Is Elaine Fink really Alvarado’s wife? So it would seem, which is perfectly fine, of course—and in this case, the viewer does know that Fink was a close professional associate of Alvarado during his years in New York. But Resnick is presented early and often to ooh-and-aah about Alvarado’s reforms—and the viewer is never told that she is a close associate of both Alvarado and Fink, someone who is deeply involved in the reforms she is praising. Just as we’re fooled by the Rigney chronology, we’re fooled by Resnick’s disguised self-promotion. And as Wolf notes, Alvarado’s critics don’t exist in this program. Indeed, a viewer wouldn’t know they even exist after sitting through this boosterist fare.

Why would an expert on the Soviet Union present a show about low-income schools? We don’t know, but Smith—like so many scribes before him—doesn’t seem to know much about low-income schools, and he seems to abandon journalistic practice for the tools of the cheerleader here. He seems to find ways to make schools (seem to) work—and he oohs and aahs at what advocates tell him. Indeed, as we watched Resnick praise her own work—with no warning given to viewers—we once again found ourselves asking this question: Readers! Where are standards?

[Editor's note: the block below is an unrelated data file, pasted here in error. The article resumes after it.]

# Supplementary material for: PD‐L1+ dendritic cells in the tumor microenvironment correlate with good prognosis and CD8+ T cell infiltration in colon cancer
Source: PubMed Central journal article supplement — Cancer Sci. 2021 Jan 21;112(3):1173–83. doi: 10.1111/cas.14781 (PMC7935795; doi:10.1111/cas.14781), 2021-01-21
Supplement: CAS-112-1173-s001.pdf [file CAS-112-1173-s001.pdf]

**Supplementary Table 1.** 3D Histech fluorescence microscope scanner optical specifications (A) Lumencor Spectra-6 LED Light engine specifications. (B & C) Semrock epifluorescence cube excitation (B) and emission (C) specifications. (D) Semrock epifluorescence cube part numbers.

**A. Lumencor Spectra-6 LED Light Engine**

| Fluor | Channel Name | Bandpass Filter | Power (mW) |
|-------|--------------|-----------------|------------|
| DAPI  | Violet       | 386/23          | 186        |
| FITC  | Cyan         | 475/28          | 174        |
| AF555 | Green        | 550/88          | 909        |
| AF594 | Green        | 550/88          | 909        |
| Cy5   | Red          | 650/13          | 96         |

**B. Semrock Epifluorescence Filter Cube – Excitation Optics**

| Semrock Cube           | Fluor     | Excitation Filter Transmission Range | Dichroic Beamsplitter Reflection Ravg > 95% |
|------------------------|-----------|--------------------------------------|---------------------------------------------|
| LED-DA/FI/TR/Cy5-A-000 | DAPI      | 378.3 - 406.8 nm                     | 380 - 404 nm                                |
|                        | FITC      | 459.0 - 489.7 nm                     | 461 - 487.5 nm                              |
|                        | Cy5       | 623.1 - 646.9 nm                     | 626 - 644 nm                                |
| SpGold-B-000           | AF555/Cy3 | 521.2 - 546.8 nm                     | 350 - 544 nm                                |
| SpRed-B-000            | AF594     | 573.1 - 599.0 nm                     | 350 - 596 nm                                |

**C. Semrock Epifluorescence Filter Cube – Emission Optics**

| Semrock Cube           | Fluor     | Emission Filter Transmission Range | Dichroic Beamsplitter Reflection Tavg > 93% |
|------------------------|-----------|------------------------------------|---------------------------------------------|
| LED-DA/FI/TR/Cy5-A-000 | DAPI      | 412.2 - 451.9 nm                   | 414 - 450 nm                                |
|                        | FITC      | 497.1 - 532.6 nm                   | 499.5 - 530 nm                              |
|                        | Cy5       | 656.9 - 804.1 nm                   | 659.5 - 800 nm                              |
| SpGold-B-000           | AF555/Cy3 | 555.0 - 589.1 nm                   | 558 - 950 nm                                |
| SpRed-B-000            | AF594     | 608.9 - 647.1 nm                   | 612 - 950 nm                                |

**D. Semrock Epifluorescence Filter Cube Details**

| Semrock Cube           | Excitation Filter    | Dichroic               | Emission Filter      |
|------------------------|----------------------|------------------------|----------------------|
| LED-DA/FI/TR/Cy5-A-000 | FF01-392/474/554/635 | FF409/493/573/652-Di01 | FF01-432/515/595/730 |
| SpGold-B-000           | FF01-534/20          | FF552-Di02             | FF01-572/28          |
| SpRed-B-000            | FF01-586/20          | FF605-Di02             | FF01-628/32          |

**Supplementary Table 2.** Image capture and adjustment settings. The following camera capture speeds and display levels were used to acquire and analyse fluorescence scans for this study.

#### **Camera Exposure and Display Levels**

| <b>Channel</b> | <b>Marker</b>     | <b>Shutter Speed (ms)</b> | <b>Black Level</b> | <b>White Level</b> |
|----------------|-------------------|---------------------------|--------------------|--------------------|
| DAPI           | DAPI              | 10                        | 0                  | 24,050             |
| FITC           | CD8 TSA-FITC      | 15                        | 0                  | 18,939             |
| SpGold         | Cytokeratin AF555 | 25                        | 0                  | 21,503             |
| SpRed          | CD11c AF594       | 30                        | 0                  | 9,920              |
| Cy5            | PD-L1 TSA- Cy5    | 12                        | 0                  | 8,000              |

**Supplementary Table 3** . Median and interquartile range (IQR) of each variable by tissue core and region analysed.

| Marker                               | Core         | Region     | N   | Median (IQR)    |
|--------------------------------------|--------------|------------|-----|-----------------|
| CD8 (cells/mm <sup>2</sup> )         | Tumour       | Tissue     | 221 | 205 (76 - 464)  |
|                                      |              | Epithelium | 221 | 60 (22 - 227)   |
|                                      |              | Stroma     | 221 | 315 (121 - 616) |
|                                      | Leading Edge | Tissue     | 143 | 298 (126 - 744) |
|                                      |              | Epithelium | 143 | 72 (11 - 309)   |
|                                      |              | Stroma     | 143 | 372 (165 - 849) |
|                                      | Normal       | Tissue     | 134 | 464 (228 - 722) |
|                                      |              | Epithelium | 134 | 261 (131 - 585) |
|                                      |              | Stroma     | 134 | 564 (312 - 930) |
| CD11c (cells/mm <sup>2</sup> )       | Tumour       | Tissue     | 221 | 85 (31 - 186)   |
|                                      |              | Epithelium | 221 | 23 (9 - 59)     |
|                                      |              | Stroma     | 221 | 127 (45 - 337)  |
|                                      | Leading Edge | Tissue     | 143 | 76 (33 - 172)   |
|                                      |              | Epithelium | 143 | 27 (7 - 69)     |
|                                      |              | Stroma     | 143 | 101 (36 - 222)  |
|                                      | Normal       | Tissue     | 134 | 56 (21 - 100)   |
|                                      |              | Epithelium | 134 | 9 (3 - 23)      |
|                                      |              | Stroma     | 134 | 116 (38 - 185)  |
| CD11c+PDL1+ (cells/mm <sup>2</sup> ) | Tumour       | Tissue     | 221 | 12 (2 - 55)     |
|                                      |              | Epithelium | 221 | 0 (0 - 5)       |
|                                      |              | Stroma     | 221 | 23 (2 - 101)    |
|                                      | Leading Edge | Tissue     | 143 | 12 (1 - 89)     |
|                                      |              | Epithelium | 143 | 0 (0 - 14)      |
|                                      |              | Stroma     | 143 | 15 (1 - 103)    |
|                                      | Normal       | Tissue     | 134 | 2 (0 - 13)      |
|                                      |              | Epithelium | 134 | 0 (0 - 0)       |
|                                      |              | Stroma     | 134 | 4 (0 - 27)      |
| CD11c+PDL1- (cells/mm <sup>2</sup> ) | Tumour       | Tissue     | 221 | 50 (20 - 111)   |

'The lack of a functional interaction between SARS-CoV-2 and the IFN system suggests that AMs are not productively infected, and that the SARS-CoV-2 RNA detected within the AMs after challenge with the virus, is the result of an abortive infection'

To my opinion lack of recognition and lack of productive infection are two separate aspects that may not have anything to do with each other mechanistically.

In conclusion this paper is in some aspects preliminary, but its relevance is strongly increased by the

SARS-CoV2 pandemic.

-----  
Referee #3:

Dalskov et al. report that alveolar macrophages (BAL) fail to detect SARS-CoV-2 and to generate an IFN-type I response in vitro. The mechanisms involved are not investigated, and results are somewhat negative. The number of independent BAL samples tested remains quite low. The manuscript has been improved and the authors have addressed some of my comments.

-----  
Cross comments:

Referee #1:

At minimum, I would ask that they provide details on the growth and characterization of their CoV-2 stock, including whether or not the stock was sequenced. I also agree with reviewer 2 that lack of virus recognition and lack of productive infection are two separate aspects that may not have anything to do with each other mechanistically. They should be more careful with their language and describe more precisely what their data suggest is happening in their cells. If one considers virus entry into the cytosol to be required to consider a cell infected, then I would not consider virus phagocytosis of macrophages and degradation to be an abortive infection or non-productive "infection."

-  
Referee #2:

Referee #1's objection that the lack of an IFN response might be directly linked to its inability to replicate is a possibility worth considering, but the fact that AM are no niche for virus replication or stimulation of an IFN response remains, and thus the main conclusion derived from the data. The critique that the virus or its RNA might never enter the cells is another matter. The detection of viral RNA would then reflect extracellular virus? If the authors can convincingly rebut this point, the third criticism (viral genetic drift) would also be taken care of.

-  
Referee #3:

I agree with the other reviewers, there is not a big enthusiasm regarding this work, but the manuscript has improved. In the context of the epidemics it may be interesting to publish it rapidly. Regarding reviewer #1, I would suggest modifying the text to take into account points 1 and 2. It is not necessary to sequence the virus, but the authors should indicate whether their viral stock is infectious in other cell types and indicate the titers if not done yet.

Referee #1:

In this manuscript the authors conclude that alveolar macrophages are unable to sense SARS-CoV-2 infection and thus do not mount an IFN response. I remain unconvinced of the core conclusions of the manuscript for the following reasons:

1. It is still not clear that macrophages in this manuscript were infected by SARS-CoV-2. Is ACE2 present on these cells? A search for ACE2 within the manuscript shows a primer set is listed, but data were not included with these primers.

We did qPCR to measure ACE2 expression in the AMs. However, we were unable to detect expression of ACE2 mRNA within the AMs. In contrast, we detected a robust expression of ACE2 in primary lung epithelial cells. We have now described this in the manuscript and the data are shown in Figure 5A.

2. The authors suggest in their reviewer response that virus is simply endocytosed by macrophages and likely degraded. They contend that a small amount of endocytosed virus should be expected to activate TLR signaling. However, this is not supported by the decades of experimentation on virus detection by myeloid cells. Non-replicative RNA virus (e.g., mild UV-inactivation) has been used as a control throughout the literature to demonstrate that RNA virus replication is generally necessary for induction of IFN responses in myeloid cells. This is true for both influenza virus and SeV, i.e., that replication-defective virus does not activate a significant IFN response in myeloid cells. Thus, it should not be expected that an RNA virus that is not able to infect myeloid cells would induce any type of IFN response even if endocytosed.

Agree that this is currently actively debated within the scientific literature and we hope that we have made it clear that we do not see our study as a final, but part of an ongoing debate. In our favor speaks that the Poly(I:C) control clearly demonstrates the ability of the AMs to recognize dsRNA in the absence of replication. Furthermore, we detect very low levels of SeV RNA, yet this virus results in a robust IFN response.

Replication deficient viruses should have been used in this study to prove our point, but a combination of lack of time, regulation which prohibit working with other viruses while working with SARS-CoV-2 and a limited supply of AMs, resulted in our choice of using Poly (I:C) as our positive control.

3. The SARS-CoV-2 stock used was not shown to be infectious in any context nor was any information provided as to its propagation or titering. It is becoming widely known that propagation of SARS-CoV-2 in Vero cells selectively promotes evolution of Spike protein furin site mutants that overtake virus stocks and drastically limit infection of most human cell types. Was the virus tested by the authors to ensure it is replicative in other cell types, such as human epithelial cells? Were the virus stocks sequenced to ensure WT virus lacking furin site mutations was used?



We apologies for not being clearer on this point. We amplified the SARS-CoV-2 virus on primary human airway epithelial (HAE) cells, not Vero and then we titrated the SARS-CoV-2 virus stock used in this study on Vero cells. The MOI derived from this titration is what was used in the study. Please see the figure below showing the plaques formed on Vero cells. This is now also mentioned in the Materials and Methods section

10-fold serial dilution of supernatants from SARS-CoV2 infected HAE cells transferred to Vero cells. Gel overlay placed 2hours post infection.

TOMORROW: Did Alvarado’s reforms really work?

SMITH’S REPLY TO WOLF: Last Friday, we linked to Wolf’s first column about Making Schools Work—a column written back in March. As it turns out. Smith replied to that column. We can’t find a link for the letter. But we reprint it in full:

LETTER FROM SMITH, NEW YORK SUN (3/18/05): Andrew Wolf worries at length that our program will mistakenly tout the progress made by the Houston school system. Wrong. Our report does not include a report on the Houston school system. Our onsite reporting in Houston left questions in our minds about the extent of Houston's gains; so it's not in the program. In Houston, our focus is on something entirely different, something that might interest Mr. Wolf—a charter school model known as KIPP—the Knowledge is Power Program.